Financial Review {Two Months}

It has now been two months since we made the decision to get serious about paying off our house and getting a nest egg in place in case we're hit by those inevitable "rainy days" that come at inopportune times. We've had some moments of weakness, but overall, we're still on track with our payoff plan, so that's encouraging.

I've been thinking a lot about simplicity recently (you might have been able to tell that by the posts I've been writing), and have realized that it also extends to the area of finances. If my bills get lost in the mess that is scattered on every surface of the house, then the late fees that will be charged are, in essence, a stupid tax on me for not being organized with my bills and paperwork. For the record, in eleven years of marriage I have paid one bill late, but it has been close a few times because bills have been lost in the paperwork avalanche.

{Let's talk about credit cards}

I like simplicity when it comes to credit cards. Dave Ramsey and I part company when it comes to those little bits of plastic, though I understand that he has seen a lot of people get in deep piles of debt because of their lack of control with credit. And if you lack the personal responsibility to use them (and pay them off each month - thus saving yourself the interest fees), then by all means - USE CASH!! No rewards are worth the debt that you can incur if you can't responsibly use plastic.

On the flip side, I just got a $179 Gortex rain coat from L.L.Bean for Peter, and I used Bean Reward certificates to pay for all but $9 of it (and that's just because they wouldn't let me use my final $10 card for the $9). Over the last year I was earning Bean Rewards for each purchase of groceries or gas or household toiletries. Every month the bill was paid in full so I didn't have to worry about paying interest.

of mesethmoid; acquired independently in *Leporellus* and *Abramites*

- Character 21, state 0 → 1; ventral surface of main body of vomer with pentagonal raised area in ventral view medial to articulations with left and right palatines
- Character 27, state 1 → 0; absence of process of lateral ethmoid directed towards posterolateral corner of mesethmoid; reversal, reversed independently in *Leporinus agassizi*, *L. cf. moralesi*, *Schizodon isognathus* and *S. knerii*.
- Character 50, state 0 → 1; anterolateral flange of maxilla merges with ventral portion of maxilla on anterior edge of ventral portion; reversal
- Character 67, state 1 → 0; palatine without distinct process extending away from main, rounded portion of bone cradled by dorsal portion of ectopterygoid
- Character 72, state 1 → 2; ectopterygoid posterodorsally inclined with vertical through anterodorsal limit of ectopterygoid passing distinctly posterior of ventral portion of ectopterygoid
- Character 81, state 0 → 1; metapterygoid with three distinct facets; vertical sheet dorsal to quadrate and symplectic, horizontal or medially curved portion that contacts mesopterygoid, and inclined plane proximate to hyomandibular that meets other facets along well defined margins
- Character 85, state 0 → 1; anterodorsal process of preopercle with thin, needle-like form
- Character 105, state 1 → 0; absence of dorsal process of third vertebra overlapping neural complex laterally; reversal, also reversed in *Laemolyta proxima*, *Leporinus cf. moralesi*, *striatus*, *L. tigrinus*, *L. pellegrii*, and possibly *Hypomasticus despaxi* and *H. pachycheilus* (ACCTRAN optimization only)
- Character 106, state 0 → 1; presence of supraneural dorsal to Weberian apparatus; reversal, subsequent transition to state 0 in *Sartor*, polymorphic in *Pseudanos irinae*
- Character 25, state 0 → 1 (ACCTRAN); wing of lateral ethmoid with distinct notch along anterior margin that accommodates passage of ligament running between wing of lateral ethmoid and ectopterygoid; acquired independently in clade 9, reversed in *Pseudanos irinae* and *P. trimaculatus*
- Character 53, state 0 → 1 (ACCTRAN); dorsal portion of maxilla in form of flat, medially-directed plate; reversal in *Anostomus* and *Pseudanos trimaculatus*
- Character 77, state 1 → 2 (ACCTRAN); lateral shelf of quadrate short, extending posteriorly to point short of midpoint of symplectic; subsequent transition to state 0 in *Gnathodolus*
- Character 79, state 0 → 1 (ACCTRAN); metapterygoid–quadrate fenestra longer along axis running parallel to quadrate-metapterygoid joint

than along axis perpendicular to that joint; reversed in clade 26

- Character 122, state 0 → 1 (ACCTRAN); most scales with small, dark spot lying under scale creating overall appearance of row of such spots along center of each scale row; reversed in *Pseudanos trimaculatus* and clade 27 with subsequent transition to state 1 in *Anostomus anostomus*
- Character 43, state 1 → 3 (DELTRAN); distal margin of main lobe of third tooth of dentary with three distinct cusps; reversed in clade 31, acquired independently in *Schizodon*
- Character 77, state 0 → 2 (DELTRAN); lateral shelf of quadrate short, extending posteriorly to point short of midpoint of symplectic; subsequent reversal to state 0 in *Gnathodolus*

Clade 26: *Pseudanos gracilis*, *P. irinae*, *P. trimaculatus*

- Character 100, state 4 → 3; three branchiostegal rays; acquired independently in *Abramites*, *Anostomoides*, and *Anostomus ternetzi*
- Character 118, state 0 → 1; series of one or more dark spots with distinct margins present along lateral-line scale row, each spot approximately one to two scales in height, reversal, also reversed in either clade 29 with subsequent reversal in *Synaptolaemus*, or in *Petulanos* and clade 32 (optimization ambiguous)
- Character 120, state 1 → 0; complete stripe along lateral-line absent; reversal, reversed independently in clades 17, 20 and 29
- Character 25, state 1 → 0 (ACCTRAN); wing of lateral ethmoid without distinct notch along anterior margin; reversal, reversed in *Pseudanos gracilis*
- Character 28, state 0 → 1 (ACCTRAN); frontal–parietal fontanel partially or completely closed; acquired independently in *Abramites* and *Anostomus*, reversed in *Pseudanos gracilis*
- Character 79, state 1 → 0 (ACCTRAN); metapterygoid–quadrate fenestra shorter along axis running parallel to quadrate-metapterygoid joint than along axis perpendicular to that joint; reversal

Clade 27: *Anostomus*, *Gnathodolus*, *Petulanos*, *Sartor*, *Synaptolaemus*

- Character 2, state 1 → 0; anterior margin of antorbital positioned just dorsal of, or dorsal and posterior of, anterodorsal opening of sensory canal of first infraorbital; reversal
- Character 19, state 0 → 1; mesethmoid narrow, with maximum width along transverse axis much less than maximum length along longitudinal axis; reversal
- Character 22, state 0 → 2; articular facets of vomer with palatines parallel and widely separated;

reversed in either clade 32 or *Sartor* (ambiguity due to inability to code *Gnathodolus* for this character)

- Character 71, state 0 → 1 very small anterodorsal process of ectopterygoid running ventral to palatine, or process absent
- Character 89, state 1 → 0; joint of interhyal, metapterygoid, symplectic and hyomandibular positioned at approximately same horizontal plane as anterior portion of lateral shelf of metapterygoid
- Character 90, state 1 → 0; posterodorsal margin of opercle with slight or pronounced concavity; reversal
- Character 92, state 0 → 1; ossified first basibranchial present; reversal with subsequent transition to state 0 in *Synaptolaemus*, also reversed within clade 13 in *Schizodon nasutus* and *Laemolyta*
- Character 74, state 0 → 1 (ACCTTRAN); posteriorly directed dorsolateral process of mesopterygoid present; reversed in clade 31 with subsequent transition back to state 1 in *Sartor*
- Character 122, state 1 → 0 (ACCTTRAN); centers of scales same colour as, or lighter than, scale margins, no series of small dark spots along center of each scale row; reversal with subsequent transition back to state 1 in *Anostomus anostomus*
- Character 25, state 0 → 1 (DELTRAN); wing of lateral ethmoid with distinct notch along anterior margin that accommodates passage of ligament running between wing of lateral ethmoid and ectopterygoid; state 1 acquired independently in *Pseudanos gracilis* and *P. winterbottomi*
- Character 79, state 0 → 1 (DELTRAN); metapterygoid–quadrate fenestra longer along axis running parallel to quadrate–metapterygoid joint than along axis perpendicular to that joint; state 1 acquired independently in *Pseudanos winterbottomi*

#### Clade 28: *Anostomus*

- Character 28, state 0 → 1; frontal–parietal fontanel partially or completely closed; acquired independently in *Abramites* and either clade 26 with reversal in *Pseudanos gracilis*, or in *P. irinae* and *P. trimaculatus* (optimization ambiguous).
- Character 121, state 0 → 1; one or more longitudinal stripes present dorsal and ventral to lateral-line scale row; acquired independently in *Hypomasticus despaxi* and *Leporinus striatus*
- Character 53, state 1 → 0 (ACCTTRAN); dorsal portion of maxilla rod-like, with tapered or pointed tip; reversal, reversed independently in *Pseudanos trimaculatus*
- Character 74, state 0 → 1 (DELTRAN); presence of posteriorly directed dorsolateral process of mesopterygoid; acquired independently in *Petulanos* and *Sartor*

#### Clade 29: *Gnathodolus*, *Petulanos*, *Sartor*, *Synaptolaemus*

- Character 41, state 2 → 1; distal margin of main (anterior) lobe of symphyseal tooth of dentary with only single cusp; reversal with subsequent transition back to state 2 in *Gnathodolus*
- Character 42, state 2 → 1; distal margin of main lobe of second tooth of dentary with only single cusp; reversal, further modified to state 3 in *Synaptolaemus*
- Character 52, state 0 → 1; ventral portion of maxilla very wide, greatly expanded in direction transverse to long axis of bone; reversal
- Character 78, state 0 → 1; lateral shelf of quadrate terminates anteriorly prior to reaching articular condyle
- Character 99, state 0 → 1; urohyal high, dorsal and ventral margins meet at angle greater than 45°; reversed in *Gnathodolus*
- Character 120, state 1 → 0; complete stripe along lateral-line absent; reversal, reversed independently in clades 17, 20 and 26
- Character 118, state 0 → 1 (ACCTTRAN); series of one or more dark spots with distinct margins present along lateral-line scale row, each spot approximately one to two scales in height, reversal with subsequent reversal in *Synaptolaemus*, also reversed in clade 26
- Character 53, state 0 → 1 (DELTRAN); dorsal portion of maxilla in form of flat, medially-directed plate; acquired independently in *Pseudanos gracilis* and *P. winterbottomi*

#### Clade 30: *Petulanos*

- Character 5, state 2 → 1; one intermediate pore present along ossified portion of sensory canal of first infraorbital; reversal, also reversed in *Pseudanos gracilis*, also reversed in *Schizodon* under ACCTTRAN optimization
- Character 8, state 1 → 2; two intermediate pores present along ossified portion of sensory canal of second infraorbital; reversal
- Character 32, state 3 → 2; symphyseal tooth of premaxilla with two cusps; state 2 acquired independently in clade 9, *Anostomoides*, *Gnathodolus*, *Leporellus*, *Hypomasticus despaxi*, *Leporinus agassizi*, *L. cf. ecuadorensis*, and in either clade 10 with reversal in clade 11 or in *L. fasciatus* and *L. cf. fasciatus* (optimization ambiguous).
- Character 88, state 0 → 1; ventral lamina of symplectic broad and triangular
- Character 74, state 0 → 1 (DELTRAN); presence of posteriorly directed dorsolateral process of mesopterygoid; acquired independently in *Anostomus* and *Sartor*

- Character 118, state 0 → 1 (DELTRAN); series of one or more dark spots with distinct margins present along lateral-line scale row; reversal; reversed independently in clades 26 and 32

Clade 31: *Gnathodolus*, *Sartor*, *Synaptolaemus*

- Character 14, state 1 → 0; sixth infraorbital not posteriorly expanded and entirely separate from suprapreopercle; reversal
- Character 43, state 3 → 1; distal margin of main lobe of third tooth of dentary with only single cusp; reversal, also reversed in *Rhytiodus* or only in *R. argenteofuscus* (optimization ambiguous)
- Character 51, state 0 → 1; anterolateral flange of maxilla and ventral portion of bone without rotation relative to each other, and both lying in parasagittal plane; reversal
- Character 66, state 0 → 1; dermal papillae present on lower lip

{Contrary to popular belief, responsible credit card use is possible, but...}

We only use one card at a time, which means that I don't have multiple credit card bills looming in front of me and adding up to more than what I have in our bank account. Although we have multiple accounts (which I check on a monthly basis to make sure there's no fraud going on), we pick a card and stick with it. Right now we're using our Amazon card to save points for Christmas shopping. 

The bottom line is that credit cards in and of themselves are not evil. They can be used responsibly, but it's up to us to have the self discipline not to spend more than we earn and to pay our bills off in full each month so we aren't paying a stupid tax (i.e. interest or late fees).

{And here's some free financial advice from a non-professional...}

If your credit card expenses are higher than your bank balance, and you're not ready to cut up the plastic because you want the reward points/cash, then here's one idea that might help. If you treat your credit card like a debit card - removing the amount you charge from your checkbook register - when the bill comes, the money is already "saved" to pay it because it never left your checking account. It's like the trompe l'oeil of the financial world - making your checkbook look like there is less money in the account than in reality.

Keep in mind that you are still required to maintain your checkbook and keep track of what you spend (that's where the personal responsibility comes into play), but it's an easy safe guard if you want to use credit with some limits. 

{Speaking of limits...}

Just because you have a $2,000 or $14,000 credit limit on your card does not mean that you need to use that limit! This seems like a no brainer to me, but considering the financial state of our population, apparently it's a more complicated theory to grasp than I realize. Let's say that you have a credit card with a $6,000 credit limit, but you only make $2,500 a month. Now...what is the maximum that you should put on the credit card? Let's assume some things:

1.  You have a direct payment set up through your bank for your mortgage or rent payment of $500